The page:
• Healthcare and economic protection for all workers and families—without immigration-based discrimination—to support both a healthy workforce and local spending;
  • Establish sufficient care infrastructure (child care, schools, paid leave) so parents and caregivers can return to work knowing their families are safe and protected;
  • Mechanisms to tackle systemic racial and economic inequities that are devastating businesses in communities of color and pushing people of color onto the frontlines of the disease.

“Main Street small businesses should not be forced into unfair competition with irresponsible businesses seeking immunity for their decisions to ignore health and safety standards for workers and consumers,” the alliance wrote. “By rewarding noncompliance, corporate immunity would shift the costs of responsible behavior onto responsible Main Street businesses while putting people at grave risk.”

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“With this perverse cost-shift,” the group warned, “corporate immunity could result in only the most irresponsible corporations surviving the pandemic.”


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Protests around the world: This time it’s different

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A profound, historical difference separates the protests across America the past six days from past eruptions of anger over police violence against black men and women. It’s a difference that isn’t showing up news reports, televised or print even though it’s quite apparent.

The differences are where these demonstrations are taking place and who is protesting,

In Los Angeles, the demonstrators were not in the poor and historically black neighborhood known as Watts, but in Beverly Hills and the city’s prosperous West Side. Many of those demonstrating were white. In some places a majority were white.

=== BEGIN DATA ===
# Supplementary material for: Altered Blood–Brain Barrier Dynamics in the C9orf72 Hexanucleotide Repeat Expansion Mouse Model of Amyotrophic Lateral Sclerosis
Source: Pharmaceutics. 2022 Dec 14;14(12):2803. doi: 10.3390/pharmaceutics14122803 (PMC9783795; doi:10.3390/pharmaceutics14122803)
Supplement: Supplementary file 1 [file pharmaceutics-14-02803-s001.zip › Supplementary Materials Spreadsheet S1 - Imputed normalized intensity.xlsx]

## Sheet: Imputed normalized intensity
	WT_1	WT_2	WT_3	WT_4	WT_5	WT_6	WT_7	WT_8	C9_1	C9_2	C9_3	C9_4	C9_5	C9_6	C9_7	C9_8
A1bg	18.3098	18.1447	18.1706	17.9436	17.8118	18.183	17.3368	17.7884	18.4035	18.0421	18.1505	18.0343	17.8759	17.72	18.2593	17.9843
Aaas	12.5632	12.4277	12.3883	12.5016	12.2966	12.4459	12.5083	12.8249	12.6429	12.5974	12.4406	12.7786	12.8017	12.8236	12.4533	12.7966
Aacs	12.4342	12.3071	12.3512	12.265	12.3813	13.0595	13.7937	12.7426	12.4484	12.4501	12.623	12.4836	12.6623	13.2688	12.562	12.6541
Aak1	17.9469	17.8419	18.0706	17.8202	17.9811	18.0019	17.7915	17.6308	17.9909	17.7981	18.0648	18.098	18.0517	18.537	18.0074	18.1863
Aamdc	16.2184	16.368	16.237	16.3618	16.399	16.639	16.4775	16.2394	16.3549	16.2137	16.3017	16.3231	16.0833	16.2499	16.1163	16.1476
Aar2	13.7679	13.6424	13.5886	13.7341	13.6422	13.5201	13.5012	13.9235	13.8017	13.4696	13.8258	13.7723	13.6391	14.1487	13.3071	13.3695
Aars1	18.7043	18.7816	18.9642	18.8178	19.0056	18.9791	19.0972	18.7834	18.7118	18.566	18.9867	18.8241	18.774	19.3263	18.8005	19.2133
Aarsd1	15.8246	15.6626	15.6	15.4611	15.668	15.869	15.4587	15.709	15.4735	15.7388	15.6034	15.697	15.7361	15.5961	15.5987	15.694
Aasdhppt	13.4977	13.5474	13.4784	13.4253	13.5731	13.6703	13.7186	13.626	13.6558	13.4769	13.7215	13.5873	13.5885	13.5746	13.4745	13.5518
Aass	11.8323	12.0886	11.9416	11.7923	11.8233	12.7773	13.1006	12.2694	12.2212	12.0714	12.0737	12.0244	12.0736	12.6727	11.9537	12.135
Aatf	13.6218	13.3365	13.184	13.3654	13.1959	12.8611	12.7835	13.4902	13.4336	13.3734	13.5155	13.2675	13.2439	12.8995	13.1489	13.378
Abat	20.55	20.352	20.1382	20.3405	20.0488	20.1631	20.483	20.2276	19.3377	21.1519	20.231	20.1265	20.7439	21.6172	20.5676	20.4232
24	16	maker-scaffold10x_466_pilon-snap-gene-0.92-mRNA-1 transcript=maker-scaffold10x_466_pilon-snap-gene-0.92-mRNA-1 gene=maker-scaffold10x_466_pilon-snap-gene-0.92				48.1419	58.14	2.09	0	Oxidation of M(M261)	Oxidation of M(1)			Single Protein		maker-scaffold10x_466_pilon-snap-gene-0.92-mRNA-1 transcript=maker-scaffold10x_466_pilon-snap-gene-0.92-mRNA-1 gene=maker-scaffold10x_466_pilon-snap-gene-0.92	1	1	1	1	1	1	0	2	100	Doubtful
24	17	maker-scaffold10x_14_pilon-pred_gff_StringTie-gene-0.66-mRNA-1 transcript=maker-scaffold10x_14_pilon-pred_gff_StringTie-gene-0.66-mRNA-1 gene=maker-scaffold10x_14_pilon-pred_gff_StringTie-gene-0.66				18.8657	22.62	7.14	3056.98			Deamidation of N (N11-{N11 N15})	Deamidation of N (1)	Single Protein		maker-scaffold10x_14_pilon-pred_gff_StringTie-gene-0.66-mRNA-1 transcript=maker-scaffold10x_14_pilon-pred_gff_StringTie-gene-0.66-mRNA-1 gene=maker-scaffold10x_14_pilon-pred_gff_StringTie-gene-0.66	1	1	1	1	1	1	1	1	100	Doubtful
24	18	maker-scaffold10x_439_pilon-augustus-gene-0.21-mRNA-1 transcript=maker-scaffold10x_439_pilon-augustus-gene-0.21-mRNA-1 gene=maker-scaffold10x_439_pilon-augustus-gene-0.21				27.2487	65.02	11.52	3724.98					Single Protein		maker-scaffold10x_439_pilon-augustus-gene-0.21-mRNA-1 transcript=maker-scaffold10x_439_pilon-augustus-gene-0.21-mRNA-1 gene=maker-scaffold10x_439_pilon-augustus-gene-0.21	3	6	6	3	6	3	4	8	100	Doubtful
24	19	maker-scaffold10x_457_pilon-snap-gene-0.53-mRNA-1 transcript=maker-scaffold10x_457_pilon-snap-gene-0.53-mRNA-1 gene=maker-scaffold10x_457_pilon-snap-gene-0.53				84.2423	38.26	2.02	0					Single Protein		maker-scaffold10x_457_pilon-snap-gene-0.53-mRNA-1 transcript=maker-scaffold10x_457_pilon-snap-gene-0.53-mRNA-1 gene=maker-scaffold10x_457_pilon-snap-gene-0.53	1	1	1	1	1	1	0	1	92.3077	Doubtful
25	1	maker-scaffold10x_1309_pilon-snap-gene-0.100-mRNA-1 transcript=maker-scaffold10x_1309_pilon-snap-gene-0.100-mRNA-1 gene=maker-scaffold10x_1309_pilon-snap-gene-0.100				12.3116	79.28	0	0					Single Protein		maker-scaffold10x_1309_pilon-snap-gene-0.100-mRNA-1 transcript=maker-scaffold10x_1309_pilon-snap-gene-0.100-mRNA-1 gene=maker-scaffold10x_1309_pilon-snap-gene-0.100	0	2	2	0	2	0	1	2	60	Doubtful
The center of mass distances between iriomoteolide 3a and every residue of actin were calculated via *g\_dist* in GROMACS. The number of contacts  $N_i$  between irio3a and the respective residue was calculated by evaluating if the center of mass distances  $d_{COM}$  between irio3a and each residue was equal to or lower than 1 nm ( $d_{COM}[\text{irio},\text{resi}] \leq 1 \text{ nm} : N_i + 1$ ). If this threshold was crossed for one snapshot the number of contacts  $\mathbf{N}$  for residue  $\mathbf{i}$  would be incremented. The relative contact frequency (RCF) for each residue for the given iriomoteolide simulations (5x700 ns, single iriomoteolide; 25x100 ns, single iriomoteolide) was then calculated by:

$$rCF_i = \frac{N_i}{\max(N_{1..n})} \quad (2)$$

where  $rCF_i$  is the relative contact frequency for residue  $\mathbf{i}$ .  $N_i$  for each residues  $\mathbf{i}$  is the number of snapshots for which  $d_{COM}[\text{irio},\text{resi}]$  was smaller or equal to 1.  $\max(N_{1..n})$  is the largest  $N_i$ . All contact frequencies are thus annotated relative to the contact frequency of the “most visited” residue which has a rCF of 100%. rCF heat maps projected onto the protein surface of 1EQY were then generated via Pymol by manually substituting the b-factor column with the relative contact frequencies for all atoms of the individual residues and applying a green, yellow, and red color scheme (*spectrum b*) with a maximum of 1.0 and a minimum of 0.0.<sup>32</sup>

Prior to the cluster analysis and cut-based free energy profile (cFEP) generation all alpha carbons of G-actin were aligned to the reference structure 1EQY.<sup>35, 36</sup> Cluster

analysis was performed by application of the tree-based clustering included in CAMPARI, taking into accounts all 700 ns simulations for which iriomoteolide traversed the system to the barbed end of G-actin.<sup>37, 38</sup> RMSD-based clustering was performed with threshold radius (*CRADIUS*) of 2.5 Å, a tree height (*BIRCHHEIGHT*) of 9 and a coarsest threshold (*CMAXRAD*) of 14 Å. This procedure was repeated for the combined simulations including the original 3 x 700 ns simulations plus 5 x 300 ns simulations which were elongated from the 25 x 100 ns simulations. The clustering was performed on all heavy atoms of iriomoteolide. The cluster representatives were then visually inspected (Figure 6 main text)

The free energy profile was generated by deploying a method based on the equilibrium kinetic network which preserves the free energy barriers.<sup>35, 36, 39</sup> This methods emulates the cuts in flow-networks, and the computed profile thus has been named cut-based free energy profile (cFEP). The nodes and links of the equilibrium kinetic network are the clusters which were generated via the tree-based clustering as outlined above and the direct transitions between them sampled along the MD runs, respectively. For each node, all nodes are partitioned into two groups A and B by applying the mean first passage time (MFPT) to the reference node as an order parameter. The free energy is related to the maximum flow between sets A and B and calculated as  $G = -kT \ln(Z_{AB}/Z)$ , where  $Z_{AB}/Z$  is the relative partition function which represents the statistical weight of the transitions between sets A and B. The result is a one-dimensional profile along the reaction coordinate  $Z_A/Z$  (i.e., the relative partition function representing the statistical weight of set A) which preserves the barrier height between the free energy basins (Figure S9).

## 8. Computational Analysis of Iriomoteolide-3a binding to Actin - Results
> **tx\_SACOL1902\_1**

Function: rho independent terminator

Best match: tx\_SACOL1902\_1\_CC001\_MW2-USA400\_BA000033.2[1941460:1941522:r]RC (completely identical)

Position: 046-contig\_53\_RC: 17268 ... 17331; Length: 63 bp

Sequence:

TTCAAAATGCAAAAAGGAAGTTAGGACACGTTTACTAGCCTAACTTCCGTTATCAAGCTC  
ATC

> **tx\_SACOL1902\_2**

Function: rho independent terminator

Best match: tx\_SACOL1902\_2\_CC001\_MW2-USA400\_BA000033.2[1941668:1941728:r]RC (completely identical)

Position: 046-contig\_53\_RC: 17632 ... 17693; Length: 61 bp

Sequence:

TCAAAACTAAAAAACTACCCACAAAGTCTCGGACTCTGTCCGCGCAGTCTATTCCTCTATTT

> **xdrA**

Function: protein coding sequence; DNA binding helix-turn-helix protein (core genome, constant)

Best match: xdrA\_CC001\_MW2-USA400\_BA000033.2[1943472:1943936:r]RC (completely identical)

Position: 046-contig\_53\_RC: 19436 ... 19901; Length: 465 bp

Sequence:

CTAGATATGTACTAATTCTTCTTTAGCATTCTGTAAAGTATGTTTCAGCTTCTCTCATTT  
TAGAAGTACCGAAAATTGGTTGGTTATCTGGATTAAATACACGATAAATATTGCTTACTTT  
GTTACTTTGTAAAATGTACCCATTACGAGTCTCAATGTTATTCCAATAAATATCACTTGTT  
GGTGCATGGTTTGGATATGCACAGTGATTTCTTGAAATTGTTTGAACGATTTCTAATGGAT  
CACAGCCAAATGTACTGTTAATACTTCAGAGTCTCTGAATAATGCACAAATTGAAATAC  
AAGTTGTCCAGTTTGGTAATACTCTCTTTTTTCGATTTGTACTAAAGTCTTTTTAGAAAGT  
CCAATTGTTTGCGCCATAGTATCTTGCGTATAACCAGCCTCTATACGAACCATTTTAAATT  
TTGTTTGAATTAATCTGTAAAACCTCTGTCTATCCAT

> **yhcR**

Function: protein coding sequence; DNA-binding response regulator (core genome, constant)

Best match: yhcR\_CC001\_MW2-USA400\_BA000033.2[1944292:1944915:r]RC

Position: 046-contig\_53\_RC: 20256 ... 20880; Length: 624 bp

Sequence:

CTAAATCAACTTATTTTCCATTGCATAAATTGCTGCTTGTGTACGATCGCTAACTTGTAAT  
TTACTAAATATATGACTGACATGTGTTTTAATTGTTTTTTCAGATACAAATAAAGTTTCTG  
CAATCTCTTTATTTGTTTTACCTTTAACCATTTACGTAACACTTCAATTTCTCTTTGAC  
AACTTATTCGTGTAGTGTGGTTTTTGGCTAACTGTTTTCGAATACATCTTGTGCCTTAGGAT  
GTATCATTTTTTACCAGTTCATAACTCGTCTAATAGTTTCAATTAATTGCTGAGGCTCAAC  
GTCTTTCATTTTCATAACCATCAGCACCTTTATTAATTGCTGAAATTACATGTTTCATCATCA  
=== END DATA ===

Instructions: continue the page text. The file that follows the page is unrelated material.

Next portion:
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COVID-19 cases skyrocket among younger Americans as states reopen

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The coronavirus is tearing into a new demographic as states relax social distancing guidelines.

Younger Americans have gone back to work in the service industry and congregating in public, and their activity seems to be bearing out ominous predictions from public health experts, reported The Daily Beast.

“Watch what’s happening before and after the peak,” said epidemiologist Dr. Judith Malmgren, of the University of Washington’s school of public health. “The disease didn’t change, but the people who were infected changed.”

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2020 Election

Trump’s Confederacy-loving fans accused of treason in brutal new Lincoln Project ad

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In another no-holds-barred ad from the Lincoln Project -- headed up by Republicans Rick Wilson, George Conway and Steve Schmidt -- Donald Trump is linked to the Confederacy and, by extension, treason against the United States.

The ad notes the prevalence of the Confederate flag at Trump rallies -- some even bearing his name -- and notes, "The men who followed this flag 150 years ago knew what it meant: Treason against their country. Death of the United States,” in the voiceover.

With clips showing the neo-Nazis in Charlottesville, the ad goes on to ask, "What does it say that they’re all in for Trump?"